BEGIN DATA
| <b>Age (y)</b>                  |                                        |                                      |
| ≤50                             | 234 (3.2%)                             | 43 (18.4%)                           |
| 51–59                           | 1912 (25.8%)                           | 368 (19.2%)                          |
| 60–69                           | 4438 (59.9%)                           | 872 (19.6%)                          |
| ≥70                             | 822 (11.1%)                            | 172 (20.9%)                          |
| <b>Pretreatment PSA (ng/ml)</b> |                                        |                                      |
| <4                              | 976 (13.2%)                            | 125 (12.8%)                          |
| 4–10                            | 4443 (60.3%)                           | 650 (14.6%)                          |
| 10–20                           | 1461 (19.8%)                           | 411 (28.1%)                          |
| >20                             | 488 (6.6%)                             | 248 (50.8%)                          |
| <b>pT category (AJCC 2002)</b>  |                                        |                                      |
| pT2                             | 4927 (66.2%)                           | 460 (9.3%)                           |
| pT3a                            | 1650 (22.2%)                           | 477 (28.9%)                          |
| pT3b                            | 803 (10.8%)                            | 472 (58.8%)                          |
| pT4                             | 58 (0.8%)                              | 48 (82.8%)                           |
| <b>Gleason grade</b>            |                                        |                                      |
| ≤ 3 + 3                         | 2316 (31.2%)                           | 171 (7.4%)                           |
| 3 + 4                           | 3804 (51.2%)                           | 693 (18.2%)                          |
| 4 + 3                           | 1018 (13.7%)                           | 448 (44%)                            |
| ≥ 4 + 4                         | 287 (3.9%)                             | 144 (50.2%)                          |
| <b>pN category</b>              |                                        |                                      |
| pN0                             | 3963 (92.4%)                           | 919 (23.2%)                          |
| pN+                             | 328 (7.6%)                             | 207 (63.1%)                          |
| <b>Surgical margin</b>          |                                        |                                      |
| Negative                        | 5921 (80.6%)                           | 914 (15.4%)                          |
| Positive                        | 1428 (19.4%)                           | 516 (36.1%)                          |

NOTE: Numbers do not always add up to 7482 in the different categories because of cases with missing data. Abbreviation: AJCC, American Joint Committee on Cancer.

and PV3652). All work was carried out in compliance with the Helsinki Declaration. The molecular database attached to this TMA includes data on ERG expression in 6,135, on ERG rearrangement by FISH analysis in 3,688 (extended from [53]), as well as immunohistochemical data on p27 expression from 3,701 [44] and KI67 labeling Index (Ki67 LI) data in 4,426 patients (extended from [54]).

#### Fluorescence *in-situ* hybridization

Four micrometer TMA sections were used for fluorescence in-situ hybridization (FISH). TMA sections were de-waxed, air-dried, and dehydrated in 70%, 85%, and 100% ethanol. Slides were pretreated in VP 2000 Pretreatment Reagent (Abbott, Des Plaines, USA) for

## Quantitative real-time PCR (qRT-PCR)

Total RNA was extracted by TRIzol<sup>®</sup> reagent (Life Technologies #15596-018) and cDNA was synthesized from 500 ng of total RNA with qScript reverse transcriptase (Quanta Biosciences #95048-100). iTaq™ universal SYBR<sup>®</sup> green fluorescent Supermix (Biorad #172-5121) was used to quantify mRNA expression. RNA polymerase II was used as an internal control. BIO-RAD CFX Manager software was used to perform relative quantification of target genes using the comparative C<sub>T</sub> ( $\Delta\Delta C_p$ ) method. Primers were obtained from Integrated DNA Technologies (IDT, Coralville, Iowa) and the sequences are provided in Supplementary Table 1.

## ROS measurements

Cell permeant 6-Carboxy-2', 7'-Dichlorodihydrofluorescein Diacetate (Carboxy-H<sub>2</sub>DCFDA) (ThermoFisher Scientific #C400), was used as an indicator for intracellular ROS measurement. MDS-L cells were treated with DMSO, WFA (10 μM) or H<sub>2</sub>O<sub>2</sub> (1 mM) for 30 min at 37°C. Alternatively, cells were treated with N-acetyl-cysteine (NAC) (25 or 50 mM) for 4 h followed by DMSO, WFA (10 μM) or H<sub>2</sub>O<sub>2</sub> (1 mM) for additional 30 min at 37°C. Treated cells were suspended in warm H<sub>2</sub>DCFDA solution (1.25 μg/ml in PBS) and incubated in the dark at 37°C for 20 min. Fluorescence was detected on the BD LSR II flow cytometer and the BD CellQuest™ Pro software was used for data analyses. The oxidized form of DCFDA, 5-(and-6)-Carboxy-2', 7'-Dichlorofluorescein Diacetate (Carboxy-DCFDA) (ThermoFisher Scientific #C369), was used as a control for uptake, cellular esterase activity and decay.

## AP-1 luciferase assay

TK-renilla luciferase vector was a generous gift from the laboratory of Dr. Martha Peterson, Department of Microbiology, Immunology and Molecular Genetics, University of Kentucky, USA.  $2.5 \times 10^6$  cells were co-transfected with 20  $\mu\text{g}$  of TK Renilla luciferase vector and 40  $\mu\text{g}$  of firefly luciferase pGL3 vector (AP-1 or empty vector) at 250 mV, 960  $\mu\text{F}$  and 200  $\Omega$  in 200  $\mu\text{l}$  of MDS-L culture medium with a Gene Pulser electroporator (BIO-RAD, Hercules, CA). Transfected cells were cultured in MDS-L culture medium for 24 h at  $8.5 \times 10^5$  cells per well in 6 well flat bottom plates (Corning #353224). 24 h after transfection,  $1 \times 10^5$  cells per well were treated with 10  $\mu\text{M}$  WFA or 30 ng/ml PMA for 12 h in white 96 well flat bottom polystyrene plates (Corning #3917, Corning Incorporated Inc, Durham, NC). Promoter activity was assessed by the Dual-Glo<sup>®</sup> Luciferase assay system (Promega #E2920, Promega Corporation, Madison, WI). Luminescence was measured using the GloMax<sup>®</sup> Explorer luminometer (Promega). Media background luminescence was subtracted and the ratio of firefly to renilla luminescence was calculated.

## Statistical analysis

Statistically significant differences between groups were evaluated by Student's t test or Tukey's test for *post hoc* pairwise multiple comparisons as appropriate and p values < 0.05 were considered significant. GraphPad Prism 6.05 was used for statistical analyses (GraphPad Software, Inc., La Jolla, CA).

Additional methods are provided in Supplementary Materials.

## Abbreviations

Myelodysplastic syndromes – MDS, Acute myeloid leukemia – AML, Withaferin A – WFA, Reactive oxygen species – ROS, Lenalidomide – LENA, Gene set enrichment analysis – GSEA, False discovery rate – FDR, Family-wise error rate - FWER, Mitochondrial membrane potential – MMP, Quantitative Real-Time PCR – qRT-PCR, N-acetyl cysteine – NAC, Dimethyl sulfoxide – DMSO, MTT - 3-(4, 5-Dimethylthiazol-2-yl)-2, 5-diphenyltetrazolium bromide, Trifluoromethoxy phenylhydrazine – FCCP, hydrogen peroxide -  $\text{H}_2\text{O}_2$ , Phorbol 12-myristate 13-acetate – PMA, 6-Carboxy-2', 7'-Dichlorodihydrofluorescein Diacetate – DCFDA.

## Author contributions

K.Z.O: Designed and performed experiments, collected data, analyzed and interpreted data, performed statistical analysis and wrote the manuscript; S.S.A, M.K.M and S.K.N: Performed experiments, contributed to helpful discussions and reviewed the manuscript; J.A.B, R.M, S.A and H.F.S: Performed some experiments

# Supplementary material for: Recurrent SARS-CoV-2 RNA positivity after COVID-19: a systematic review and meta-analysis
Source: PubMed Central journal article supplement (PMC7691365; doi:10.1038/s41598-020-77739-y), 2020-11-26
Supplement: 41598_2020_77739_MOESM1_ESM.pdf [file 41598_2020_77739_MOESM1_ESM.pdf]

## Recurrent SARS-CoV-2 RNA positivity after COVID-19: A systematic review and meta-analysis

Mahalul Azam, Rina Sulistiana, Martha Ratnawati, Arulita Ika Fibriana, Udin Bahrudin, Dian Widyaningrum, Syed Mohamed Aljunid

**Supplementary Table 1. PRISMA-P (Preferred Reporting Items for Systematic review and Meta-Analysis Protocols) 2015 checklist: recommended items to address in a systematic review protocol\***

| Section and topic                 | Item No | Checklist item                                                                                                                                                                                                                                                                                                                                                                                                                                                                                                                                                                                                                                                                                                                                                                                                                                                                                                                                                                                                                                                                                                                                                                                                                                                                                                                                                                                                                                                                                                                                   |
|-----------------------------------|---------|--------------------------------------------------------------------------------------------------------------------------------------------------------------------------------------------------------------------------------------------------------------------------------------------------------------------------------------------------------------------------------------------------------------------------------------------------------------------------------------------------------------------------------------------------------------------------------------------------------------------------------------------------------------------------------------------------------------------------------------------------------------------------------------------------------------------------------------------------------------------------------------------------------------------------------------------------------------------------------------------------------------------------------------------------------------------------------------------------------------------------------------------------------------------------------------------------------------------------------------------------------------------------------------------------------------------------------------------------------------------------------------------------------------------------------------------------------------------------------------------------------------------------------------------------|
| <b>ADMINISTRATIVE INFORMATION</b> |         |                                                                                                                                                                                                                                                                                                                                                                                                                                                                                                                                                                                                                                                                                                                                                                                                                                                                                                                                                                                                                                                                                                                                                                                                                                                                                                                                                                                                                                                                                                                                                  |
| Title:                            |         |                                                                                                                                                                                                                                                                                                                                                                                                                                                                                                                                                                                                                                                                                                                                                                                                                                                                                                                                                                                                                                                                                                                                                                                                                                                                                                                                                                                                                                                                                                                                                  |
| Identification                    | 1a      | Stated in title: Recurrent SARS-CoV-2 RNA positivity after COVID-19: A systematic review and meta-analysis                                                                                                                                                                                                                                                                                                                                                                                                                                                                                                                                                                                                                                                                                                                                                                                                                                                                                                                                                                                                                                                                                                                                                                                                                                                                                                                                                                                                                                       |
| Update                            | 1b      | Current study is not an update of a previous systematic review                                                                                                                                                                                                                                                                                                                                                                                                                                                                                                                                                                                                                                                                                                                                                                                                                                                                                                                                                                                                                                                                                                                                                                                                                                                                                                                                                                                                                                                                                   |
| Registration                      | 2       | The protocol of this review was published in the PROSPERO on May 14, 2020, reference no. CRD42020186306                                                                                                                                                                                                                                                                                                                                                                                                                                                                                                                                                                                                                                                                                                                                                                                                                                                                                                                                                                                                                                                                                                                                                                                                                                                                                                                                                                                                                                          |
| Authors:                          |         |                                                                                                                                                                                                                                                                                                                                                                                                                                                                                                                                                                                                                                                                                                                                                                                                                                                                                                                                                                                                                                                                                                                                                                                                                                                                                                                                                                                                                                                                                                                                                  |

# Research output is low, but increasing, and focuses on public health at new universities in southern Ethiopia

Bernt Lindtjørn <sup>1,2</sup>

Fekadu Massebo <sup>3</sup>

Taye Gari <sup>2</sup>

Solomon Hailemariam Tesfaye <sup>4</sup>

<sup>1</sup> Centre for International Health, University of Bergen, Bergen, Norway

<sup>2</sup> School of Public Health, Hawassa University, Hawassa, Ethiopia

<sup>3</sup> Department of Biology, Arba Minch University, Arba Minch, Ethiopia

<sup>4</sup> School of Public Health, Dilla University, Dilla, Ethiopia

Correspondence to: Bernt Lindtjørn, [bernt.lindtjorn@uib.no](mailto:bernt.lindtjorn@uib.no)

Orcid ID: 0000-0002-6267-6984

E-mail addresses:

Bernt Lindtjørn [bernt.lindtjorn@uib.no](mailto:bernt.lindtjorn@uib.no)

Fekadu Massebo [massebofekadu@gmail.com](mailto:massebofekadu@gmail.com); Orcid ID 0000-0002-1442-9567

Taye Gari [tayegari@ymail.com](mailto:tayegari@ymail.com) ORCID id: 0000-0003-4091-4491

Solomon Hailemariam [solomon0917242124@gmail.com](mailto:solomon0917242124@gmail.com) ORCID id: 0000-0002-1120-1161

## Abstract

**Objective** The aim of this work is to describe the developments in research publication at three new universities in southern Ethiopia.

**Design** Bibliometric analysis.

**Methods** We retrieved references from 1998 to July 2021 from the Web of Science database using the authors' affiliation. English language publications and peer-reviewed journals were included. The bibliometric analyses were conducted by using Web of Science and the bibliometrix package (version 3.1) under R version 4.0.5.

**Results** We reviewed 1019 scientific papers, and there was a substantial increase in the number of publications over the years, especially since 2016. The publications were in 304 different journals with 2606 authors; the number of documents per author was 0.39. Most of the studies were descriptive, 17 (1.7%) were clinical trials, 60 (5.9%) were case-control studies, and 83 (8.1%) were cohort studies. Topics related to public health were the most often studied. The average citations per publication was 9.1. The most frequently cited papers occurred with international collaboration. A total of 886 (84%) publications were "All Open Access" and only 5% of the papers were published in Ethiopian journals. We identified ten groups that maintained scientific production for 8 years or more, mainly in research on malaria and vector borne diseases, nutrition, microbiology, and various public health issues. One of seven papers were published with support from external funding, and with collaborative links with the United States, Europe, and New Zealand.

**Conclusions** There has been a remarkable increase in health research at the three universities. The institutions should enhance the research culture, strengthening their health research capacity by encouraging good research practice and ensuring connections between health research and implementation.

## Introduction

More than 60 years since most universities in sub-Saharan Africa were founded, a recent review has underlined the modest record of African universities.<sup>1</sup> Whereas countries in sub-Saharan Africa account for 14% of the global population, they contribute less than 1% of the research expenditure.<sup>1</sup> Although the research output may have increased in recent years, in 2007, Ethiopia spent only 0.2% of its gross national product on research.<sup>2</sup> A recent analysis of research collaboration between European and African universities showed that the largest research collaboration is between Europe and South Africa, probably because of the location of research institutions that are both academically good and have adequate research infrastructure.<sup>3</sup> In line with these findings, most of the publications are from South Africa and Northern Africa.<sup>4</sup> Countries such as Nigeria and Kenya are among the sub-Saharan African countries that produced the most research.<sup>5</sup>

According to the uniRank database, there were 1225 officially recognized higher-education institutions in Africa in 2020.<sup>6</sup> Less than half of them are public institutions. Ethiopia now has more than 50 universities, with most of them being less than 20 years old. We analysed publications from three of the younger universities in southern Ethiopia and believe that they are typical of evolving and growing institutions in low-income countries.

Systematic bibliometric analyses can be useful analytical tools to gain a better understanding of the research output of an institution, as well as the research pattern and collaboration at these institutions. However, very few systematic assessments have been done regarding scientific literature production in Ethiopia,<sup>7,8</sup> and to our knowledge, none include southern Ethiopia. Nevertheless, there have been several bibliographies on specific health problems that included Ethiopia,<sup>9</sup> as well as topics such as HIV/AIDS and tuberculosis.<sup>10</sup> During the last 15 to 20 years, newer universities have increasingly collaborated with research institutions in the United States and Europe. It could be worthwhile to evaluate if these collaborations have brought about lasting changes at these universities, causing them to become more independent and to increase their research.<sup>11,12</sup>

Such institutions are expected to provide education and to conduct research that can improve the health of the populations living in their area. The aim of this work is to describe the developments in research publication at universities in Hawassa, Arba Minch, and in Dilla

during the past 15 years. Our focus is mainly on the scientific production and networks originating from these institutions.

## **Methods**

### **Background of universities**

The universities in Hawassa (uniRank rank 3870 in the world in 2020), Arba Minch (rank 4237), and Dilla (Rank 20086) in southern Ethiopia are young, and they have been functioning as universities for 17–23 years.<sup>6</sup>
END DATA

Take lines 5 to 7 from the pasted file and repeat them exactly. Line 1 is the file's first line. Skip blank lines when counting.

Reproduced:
| ≥70                             | 822 (11.1%)                            | 172 (20.9%)                          |
| <b>Pretreatment PSA (ng/ml)</b> |                                        |                                      |
| <4                              | 976 (13.2%)                            | 125 (12.8%)                          |